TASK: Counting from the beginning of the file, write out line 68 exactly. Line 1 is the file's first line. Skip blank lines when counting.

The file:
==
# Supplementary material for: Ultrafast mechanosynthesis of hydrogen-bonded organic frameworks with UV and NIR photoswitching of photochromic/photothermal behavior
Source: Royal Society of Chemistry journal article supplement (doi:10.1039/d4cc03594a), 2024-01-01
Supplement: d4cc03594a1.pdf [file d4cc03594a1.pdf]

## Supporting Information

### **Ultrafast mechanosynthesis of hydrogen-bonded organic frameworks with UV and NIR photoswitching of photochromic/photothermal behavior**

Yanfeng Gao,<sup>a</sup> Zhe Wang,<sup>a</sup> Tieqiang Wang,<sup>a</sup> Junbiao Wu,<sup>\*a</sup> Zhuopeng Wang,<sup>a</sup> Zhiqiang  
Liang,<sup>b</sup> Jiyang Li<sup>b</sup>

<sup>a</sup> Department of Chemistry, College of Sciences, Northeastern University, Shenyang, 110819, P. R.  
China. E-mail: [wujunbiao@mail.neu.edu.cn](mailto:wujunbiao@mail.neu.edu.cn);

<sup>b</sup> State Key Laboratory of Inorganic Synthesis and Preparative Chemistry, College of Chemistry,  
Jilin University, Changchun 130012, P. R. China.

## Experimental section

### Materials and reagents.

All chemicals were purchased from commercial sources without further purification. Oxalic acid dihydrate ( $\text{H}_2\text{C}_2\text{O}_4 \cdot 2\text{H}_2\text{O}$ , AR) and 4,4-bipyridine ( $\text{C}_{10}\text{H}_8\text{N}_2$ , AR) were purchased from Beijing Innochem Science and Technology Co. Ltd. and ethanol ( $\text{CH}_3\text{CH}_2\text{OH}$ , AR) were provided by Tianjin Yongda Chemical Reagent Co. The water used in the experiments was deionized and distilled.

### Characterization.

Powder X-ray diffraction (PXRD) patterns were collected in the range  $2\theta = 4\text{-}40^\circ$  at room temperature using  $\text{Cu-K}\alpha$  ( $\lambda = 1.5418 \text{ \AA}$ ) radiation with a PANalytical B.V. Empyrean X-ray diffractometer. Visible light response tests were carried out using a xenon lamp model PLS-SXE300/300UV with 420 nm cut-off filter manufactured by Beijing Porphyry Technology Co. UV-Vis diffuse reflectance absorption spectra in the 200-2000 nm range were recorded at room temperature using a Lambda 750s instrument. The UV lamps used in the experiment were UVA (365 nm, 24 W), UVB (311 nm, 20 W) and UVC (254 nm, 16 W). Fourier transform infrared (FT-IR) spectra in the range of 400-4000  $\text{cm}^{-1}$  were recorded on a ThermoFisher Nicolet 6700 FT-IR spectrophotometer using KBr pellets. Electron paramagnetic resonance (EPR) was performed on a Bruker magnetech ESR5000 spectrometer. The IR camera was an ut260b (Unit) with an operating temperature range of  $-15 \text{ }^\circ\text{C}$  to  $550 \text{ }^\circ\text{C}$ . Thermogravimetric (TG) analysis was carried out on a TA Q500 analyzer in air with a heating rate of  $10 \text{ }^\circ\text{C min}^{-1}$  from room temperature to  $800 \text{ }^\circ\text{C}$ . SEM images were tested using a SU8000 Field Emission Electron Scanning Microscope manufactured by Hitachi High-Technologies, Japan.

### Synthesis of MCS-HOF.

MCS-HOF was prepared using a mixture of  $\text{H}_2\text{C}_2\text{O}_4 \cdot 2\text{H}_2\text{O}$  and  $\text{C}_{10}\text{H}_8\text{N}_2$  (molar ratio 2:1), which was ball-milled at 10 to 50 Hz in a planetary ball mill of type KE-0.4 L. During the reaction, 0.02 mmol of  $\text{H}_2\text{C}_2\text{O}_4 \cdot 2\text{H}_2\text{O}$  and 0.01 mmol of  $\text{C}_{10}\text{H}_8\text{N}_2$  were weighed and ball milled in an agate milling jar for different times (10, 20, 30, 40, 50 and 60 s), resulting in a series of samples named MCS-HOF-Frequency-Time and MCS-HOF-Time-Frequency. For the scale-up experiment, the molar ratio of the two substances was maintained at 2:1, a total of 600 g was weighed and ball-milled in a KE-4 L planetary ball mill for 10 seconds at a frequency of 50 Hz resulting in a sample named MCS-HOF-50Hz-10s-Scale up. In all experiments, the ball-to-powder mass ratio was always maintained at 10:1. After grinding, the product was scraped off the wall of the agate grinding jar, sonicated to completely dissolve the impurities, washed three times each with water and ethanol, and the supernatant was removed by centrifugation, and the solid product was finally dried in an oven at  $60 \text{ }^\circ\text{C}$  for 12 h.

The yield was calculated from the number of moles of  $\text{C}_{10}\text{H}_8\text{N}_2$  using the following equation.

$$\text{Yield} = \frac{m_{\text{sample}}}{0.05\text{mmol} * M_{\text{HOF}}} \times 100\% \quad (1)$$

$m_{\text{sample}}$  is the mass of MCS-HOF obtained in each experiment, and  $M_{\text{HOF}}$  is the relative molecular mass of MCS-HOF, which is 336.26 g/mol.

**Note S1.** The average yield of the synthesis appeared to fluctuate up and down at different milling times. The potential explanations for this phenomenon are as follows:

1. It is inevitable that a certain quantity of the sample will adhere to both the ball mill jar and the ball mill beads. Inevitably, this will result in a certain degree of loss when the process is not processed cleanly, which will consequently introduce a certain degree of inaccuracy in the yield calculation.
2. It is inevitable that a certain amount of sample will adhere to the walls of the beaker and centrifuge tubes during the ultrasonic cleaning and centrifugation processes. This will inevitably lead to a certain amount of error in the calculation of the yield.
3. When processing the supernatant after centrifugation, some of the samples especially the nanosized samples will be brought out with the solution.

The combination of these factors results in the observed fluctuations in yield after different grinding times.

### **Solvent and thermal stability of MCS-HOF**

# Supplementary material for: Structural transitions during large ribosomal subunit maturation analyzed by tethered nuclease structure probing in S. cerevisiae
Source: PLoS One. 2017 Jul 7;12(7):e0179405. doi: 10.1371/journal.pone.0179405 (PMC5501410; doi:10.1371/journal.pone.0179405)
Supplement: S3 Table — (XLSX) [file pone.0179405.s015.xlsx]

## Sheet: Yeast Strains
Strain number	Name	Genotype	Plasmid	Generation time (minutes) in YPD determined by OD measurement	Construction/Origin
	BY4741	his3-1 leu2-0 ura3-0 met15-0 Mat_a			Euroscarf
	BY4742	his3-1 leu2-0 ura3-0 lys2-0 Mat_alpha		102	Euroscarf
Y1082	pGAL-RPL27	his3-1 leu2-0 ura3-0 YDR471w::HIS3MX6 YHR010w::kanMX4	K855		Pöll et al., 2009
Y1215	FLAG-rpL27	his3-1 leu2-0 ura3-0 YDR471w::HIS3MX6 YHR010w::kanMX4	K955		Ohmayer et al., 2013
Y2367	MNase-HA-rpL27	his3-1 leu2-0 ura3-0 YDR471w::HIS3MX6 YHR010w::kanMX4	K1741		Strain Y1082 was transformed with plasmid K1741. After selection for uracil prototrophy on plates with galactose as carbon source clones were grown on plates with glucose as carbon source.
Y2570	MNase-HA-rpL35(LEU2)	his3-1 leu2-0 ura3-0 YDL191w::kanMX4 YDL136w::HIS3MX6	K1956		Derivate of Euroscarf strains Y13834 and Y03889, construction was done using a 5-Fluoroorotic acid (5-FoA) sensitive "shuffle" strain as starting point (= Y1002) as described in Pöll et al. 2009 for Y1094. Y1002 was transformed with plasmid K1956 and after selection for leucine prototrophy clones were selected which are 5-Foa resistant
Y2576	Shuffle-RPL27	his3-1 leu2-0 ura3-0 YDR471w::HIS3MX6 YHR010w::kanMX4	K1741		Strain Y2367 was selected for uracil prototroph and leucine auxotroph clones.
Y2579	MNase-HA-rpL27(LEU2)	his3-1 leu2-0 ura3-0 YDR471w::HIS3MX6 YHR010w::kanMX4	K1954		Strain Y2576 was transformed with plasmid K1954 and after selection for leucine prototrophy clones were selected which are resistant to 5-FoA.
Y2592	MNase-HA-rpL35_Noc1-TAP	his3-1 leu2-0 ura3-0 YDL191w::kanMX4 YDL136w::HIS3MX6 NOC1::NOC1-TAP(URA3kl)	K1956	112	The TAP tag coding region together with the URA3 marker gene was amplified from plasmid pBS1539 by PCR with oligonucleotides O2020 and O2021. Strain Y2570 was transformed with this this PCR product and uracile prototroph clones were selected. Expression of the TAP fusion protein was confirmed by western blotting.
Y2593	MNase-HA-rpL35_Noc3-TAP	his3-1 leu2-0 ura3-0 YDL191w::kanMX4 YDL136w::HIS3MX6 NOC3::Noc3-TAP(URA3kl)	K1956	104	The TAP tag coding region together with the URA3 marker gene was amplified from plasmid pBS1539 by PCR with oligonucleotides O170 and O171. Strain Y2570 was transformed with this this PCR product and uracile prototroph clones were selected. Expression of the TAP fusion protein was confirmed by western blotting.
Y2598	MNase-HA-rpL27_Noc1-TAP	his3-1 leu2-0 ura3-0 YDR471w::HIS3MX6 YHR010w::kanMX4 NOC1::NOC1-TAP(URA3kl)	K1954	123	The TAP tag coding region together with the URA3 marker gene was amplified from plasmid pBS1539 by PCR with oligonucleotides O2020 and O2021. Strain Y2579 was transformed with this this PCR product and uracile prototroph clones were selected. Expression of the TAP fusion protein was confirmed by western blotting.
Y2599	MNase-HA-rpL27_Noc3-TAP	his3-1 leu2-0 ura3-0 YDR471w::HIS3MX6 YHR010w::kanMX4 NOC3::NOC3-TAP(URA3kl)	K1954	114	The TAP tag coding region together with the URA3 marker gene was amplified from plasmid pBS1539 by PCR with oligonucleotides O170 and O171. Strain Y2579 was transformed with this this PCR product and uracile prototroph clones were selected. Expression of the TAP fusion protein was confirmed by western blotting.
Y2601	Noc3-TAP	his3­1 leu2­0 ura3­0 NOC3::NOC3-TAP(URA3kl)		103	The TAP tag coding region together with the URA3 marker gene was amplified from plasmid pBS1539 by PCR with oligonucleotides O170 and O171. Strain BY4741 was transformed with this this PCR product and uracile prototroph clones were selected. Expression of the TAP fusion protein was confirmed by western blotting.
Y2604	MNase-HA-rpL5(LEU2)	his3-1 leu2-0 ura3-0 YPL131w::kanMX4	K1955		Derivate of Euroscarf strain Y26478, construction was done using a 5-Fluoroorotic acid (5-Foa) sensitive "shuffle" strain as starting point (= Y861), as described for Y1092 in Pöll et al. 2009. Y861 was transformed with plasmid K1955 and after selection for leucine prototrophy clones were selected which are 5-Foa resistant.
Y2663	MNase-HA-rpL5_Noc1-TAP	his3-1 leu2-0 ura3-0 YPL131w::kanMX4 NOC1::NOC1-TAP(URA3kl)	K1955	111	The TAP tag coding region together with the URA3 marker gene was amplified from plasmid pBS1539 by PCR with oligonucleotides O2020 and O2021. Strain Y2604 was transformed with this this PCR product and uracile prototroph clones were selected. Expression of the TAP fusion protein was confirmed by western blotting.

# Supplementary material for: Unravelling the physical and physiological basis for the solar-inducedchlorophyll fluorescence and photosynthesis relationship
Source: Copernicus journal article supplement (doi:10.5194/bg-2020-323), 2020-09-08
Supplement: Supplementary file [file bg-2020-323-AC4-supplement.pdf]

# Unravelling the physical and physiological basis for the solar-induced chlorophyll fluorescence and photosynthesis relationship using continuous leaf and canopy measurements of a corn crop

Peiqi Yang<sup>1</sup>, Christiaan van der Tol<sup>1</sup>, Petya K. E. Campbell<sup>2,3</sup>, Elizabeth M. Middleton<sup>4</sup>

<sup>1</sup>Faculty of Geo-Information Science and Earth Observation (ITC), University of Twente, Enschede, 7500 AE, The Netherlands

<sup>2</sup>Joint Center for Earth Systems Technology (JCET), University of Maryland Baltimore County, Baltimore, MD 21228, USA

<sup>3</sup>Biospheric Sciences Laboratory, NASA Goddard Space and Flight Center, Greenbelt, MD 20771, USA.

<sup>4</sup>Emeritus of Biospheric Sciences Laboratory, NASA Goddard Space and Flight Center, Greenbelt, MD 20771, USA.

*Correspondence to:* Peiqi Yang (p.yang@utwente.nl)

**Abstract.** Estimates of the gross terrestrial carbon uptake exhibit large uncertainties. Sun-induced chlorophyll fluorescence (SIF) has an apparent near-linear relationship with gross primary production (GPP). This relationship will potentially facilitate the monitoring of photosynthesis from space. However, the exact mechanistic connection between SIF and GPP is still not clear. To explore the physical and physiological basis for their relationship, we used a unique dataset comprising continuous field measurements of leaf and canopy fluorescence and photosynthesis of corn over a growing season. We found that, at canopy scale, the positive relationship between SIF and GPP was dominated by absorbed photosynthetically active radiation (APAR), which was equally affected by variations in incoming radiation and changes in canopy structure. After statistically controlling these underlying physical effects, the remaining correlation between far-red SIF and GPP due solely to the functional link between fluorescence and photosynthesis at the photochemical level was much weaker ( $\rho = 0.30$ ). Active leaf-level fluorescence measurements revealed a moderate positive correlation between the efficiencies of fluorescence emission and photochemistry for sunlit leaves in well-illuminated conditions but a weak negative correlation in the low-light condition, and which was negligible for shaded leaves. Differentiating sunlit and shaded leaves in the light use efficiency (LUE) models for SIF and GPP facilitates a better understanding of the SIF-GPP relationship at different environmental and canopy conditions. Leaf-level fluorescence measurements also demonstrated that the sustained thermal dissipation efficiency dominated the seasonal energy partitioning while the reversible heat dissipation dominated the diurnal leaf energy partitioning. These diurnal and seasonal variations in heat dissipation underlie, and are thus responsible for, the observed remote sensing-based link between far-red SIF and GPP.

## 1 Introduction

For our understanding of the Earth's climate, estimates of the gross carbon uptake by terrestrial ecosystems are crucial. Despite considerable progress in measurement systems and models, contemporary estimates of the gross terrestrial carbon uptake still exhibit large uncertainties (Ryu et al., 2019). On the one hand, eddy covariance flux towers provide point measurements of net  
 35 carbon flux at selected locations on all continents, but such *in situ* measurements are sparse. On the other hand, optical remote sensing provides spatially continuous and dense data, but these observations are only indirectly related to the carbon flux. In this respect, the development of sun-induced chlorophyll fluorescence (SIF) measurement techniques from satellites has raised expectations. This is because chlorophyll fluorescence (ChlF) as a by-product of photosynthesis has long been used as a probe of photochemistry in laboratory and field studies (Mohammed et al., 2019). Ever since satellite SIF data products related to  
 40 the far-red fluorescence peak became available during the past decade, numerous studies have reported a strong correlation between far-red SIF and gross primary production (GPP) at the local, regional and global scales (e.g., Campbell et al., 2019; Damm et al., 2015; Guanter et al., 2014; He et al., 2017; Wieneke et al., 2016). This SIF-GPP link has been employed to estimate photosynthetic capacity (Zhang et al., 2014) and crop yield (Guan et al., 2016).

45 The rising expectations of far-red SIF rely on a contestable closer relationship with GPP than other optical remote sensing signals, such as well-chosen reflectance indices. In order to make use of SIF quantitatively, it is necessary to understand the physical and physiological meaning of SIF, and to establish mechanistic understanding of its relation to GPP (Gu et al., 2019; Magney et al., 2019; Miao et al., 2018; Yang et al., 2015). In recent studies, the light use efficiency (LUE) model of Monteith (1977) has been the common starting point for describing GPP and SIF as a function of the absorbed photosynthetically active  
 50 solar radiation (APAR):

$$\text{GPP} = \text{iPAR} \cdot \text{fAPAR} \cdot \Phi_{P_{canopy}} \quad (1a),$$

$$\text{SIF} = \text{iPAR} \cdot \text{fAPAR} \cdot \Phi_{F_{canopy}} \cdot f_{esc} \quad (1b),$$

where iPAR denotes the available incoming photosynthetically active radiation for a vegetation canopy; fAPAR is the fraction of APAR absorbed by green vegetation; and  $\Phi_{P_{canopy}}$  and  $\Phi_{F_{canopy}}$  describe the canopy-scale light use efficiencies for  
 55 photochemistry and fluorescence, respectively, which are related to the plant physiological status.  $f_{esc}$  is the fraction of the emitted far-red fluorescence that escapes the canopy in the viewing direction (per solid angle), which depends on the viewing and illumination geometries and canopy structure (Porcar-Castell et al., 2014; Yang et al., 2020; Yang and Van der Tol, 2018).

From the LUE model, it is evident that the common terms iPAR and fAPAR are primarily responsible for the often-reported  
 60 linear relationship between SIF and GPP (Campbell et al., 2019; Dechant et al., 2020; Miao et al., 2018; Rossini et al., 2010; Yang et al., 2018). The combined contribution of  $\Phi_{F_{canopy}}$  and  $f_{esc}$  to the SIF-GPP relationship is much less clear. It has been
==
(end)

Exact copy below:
 55 photochemistry and fluorescence, respectively, which are related to the plant physiological status.  $f_{esc}$  is the fraction of the emitted far-red fluorescence that escapes the canopy in the viewing direction (per solid angle), which depends on the viewing and illumination geometries and canopy structure (Porcar-Castell et al., 2014; Yang et al., 2020; Yang and Van der Tol, 2018).